Ever since the whole Michael Vick getting signed thing has happened I’ve been thinking about how I felt about it, what if anything I could personally do about it. Ultimately this came down to me needing to draw line as to how I would respond to people who prey on those who can’t defend themselves, kids and animals being the two most immediate categories. This is about the NFL, but it’s about my life, and a line I’m comfortable with for me. This has been longer in coming than I realized initially, but it’s been building and Michael Vick was the straw that broke the camel’s back.
I am no longer supporting or through intermediaries supporting, or by lack of action supporting or being polite or civil to those who prey on the defenseless.
This means that in regards to football I will no longer be watching the NFL. I can find something else to do on a Sunday besides provide a higher viewer number to NFL advertisers, and through such allow the NFL to make more money from the networks eventually.
I decided to apply this to the whole NFL as the NFL Code of Conduct in my opinion should find that those who prey on and/or torture the defenseless is an act so heinious as to bring about a lifetime ban. I applied this to the whole NFL as ulimately the NFL has to decide and enforce that it’s players have to maintain a minimum level of moral behavior or risk losing fans. Only by acting against the whole NFL can the actions of individual players be held to account, and only through the action of the whole NFL will players realize they have to act at least minimal humanity. There will always be teams willing to pay lots of money for player regardless of how abhorrent a person they may be just because they have superior muscle memory.
Now, mind you, I’m not against second chances. I am for them. Michael Vick’s second chance is that he can walk down the street again. That he can sleep in a room without bars. I don’t believe that his right to a second chance is equal to the privelge of earning 1.6m and up to 5m dollars. His second chance is that he’s not waking up in jail. For more than that, he has to earn it. Or he should have to.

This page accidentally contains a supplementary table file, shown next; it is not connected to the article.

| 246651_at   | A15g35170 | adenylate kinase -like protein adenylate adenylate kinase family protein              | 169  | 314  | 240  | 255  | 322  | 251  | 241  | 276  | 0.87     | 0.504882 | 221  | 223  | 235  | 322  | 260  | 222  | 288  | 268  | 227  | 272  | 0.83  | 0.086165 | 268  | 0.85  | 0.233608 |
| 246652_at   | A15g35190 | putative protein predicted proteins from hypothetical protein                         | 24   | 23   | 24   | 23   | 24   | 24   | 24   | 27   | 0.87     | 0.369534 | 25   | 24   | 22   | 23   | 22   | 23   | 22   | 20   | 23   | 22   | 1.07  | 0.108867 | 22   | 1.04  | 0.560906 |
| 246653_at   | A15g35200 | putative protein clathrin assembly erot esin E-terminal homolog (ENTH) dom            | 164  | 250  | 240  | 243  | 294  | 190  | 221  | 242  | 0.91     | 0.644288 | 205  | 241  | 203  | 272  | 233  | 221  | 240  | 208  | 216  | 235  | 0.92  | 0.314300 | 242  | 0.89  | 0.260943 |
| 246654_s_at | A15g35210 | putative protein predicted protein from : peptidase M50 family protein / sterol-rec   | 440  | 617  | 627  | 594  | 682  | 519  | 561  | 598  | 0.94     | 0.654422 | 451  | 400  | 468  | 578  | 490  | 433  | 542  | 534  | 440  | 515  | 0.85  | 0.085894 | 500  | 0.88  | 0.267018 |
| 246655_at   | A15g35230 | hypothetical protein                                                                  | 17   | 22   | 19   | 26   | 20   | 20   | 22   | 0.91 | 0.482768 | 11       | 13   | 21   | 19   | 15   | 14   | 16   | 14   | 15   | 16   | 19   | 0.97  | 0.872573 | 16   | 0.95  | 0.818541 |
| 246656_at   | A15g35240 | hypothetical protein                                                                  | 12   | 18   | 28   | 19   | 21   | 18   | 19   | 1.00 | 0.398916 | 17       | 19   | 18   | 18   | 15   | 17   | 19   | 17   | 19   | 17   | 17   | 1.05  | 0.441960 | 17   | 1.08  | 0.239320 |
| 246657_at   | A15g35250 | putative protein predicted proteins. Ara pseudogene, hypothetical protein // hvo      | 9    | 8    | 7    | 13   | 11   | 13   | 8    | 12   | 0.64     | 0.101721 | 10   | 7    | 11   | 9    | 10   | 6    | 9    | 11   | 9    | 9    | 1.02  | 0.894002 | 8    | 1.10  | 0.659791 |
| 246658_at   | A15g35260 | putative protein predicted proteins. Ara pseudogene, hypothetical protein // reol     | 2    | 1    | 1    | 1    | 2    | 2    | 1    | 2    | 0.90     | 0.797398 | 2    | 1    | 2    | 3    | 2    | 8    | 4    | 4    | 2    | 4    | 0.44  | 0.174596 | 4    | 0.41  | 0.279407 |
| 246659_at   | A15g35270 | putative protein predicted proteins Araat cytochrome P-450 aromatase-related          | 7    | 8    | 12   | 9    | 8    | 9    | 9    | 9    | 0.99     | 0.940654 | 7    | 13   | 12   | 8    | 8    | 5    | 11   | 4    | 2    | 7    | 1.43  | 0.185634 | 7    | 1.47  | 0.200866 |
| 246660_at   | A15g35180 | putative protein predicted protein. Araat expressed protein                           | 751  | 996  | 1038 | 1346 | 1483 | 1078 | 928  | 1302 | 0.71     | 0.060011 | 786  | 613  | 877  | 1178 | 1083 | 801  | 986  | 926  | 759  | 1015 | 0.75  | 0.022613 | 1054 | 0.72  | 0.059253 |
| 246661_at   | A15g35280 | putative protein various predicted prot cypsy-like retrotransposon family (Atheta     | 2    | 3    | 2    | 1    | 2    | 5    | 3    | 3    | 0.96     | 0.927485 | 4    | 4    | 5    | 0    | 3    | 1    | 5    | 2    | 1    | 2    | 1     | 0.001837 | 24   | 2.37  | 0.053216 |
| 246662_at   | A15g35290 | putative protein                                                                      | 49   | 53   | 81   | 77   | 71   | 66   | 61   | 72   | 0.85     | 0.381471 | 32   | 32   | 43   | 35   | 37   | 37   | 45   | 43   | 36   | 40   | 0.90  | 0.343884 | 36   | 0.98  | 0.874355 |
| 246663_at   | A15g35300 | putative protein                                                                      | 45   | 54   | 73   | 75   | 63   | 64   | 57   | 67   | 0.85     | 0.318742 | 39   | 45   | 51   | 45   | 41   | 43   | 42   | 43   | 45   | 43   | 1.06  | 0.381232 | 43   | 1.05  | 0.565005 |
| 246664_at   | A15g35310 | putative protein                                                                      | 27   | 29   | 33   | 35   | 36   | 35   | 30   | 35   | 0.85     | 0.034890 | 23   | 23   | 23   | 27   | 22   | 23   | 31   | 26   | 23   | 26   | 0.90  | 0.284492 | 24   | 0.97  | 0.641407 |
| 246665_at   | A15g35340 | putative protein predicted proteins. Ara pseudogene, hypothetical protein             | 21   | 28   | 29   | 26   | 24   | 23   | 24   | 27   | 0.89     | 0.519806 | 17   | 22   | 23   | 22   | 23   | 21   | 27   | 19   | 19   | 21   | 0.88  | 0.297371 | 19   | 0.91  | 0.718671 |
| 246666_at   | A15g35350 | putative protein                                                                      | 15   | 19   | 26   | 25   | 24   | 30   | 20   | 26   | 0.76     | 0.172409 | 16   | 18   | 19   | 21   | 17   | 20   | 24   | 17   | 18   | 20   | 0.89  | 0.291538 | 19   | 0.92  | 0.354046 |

Serving hard time is not equivalent to changing your behavior, it’s not equal to changing your views on what is right and what is wrong. Serving hard time is what you have to do, at the point of a gun.
To get respect, to get good opportunities, reformed predators should need to earn them. This should mean years of behaving better, years of trying to improve the world, years of working to make-up, at least in part, for the pain they inflicted. And it shouldn’t be done for anyone, it should be done because the person believes they need to do it, for themselves, even when no one is watching.
Ulimately this change needs to happen because the person wants to be a better person, a good person. Then, then the person deserves, has earned respect. Has earned the chance to try for a great life. And I give a lot of respect to those who have changed their ways, it’s an incredible sight, that I’ve seen repeatedly. It’s awe inspiring.
To give this away because the convict did their time is, because the convict can bring in the dollars, is in the end, amoral and reprehensible. Any organization that sees so little value in such a basic sense of morality I don’t want to get my time, attention and certainly not my money.
At some point, and for me this is the point, each of us has to find a line where we say that a company’s behavior is so bad that we can’t and won’t buy from them even at our own determinant because the larger determinant on society of that company’s behavior outweighs it’s positives. As a society we need to decide that their are lines that shouldn’t be crossed, lines that are too far. This is also true for individuals.
Maybe I’ll take that time on Sunday to go walk my pit bull, Stella. She deserves that time, she’s earned that time through her giving of attention, affection and love unto me and those I love.